I have a friend who calls herself a “spiritual healer”. She believes in the power of rainbows, positive thinking, crystals, chakras, meditation, spirit guides and star power. I’ll confess – most of the time I have no idea what she’s talking about – she spends a lot of time focusing on “soul talk” and “rainbow blessings” – but hidden behind the funny way she talks and her hippie ways is a very genuine compassionate heart.
The other day, she told me about a little girl who she counseled recently, who’s parents are divorced and who was struggling with fear and depression. The healer told me plainly and sincerely that all she could do was tell the child that she wasn’t alone – she looked at me with pain etched deeply into her face: “that’s all I could say,” she said, “I didn’t have any answers and I didn’t know what to tell her, other than I am so, so sorry.”
I couldn’t remember the last time one of my fellow Christians reacted to a tragedy that way – with so much love and compassion, carrying the pain for another.
While I was fresh off of my visit with my friend the spiritual healer (I’m teaching her how to blog about her life, so I get to hear a lot of her stories) my hubs and I went to a wedding. Like us, they are Christians, and we expected the wedding to be packed with meaning, speaking about this life-changing faith that we hold and the crazy things it makes us do, like marry someone for life or act in a selfless way.
To my surprise, the ceremony was full of cutesy stories about their love and very little about their faith – despite church being referenced frequently, it was billed more as a social club than a life-altering belief system. The best man’s speech was all about the proverbial ball and chain, and it was met with hoots and guffaws instead of the stony silence I would expect from a religious crowd’s beliefs being so insulted. We ate cake and danced and it was all very sweet, but it didn’t mean anything, or so it felt. It didn’t have the sort of depth one would expect from a ceremony founded on a serious belief system – rather it smacked of thoughtless tradition – of hanging stockings by the fire because that’s what one does this time of year and for no more noble purpose.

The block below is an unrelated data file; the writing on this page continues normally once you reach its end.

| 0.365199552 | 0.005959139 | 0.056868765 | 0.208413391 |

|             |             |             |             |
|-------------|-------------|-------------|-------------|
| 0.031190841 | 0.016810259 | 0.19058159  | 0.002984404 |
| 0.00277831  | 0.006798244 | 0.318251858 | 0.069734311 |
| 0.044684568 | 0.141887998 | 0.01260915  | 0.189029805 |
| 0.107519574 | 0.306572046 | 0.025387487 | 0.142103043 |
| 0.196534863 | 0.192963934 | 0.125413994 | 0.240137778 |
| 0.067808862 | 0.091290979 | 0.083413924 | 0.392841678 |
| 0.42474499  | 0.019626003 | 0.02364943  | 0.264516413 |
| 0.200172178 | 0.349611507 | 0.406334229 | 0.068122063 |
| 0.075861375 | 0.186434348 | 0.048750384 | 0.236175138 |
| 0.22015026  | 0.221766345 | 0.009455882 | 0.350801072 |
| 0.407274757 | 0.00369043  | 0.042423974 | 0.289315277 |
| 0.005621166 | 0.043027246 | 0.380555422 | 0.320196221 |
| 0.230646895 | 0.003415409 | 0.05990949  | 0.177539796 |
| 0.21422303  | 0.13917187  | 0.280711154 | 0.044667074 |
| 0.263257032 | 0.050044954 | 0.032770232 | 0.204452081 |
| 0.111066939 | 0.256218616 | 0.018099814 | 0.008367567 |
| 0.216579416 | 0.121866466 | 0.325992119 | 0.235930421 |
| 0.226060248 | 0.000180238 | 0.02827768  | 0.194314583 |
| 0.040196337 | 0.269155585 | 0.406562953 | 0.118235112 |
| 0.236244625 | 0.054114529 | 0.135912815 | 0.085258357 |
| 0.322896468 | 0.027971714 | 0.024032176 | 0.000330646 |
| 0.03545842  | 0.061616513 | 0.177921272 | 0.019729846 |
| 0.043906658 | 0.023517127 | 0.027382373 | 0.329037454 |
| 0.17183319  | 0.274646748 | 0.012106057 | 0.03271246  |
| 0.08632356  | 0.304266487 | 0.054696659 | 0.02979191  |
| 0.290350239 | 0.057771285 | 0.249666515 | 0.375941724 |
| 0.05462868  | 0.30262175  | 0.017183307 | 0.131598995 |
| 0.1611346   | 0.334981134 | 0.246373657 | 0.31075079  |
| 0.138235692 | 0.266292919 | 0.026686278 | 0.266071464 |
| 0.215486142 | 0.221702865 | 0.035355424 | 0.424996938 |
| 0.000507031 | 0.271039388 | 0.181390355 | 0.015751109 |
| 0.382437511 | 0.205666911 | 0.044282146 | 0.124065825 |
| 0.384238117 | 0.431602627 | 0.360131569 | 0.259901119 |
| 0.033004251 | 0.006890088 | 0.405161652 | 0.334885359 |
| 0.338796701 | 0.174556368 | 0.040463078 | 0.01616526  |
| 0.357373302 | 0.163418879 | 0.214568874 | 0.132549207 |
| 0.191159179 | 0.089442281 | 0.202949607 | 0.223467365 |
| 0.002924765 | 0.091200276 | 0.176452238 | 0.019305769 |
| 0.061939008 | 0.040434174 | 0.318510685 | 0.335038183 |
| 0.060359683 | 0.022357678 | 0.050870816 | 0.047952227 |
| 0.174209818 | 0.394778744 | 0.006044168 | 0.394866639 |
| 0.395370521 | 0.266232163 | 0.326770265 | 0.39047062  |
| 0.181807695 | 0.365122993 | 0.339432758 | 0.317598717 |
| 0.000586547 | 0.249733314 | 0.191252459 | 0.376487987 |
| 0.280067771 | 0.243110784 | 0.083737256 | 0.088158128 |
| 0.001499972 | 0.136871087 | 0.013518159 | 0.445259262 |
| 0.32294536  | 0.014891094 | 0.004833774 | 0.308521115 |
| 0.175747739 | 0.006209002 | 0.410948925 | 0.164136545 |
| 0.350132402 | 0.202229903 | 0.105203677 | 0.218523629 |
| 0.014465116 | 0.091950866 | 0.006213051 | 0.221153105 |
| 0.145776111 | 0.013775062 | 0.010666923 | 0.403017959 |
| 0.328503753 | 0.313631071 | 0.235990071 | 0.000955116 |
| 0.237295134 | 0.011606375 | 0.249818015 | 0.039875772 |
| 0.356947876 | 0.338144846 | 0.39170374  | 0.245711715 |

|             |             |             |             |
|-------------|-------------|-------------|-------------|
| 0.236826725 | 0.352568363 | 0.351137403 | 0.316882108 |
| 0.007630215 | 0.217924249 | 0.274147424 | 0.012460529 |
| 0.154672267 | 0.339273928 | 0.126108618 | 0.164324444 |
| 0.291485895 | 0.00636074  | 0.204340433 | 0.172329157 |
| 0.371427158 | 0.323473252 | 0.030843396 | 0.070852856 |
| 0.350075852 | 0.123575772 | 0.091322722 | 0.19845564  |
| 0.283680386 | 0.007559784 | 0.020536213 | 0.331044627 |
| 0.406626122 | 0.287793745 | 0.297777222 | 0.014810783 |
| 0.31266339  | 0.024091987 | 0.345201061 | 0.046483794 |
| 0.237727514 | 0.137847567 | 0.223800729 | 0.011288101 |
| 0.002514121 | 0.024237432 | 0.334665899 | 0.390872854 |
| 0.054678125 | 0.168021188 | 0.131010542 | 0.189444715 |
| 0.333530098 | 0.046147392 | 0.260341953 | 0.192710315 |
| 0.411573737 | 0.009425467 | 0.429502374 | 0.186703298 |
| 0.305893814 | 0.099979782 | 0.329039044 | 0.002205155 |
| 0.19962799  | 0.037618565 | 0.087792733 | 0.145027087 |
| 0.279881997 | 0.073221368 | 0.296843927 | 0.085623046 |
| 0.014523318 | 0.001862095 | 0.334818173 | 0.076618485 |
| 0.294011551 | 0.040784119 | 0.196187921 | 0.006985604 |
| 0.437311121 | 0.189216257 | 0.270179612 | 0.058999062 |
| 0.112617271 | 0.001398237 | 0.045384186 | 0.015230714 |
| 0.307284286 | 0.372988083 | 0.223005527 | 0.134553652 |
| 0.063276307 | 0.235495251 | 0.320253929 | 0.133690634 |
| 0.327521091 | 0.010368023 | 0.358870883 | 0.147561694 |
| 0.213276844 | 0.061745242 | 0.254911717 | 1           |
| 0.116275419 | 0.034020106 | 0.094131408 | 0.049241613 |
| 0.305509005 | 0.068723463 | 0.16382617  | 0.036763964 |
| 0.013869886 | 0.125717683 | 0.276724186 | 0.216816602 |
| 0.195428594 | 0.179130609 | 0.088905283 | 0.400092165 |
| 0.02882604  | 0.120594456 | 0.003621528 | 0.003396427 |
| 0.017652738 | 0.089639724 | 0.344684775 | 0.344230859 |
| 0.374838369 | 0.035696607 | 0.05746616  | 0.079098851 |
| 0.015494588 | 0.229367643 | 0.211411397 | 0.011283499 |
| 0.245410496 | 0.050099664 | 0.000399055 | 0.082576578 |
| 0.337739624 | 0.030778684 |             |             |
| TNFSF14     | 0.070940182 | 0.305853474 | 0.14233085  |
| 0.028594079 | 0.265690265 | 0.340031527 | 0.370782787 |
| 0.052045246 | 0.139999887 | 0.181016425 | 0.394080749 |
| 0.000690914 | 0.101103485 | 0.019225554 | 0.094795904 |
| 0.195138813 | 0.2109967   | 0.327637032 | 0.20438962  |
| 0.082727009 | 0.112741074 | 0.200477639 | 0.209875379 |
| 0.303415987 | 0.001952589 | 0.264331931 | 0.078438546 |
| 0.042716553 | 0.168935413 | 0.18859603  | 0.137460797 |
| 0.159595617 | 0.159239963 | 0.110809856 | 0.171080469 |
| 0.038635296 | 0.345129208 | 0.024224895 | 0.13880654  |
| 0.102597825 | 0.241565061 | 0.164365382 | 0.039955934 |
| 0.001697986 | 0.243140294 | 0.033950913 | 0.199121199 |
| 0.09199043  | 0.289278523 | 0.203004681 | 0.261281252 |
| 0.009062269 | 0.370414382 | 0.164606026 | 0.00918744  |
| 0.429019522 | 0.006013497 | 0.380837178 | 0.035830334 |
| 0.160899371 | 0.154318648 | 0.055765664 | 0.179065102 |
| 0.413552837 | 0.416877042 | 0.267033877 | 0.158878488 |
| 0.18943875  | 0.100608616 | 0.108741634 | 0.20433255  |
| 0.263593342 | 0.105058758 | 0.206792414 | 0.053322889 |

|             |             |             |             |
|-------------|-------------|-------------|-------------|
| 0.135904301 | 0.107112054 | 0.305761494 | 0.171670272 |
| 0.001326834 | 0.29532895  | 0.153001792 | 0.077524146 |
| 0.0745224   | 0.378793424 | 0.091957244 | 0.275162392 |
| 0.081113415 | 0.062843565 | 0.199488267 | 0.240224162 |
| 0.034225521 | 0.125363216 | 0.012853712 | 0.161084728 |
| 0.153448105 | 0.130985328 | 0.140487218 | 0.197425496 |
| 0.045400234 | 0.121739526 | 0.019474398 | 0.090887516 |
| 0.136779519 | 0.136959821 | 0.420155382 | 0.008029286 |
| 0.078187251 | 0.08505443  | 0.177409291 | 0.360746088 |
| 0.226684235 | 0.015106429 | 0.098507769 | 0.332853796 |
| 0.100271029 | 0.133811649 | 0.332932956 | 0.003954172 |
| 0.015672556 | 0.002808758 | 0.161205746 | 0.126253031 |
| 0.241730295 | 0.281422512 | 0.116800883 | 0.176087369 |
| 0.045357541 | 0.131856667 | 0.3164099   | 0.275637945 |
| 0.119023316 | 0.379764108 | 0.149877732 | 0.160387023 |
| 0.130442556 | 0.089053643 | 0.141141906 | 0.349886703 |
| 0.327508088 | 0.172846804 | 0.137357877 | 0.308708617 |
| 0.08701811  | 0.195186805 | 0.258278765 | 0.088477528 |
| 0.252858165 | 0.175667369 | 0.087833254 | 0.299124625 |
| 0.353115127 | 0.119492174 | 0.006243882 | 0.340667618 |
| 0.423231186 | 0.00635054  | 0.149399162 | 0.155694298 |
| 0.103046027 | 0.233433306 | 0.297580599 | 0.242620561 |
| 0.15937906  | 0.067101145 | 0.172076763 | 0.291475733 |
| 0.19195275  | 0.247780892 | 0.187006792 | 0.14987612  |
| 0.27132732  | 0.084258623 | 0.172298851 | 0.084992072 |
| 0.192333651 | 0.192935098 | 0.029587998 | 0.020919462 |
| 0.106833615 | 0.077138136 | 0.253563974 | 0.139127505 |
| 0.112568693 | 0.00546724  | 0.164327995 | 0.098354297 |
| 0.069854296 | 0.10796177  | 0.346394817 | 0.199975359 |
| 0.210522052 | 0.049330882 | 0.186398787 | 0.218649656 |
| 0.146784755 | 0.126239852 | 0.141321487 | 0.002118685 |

So, this makes me pause. What, exactly is our faith? Is my life forever altered because I joined a church instead of a racquetball club? Am I simply an ardent lover of “community” and pretending to know all the answers, or has my life really been overtaken by a force that is much larger than anything I can dream up? Why is it that I serve – is it like the Lion’s Club – I like feeling good, doing good, being good – or is it because I believe in a God who restores and a love that saves?
I’m a passionate believer, and I often wonder why others aren’t. I wonder why Christianity doesn’t sweep the world, why it isn’t easier to invite friends to church – and I’m realizing to my chagrin that the collective billing is often the problem. I am content with my social club version of Christianity, where we talk about living “missionally” and “outreach” and don’t do much more than talk to each other. We like our friends and insider language – and we’re not even radical enough to make our outsider friends notice the difference – we switch our faith on and off depending on who we’re with. The minute someone starts to make a difference in the world – as a mechanic, barista, salesman or lawyer of faith – he or she is co-opted into the church staff, sucked into an all-too-safe environment and shielded from the very people we are called to live amongst.
In thinking about this, I’m conflicted. I don’t think I need to start sandwich-boarding it up on the street corner, but I do need to be a bit more honest. I love my spiritual healer friend because she’s willing to admit she doesn’t have answers and she loves others passionately, and the wedding fell flat because even though the couple had a life-transforming savior, they weren’t willing to share Him.
What I tell people I believe is this: that I serve the God of the universe and the savior of the world. It’s a terrifying thing to think that I’ve reduced him to a social club, a do-gooder society or a weekend activity.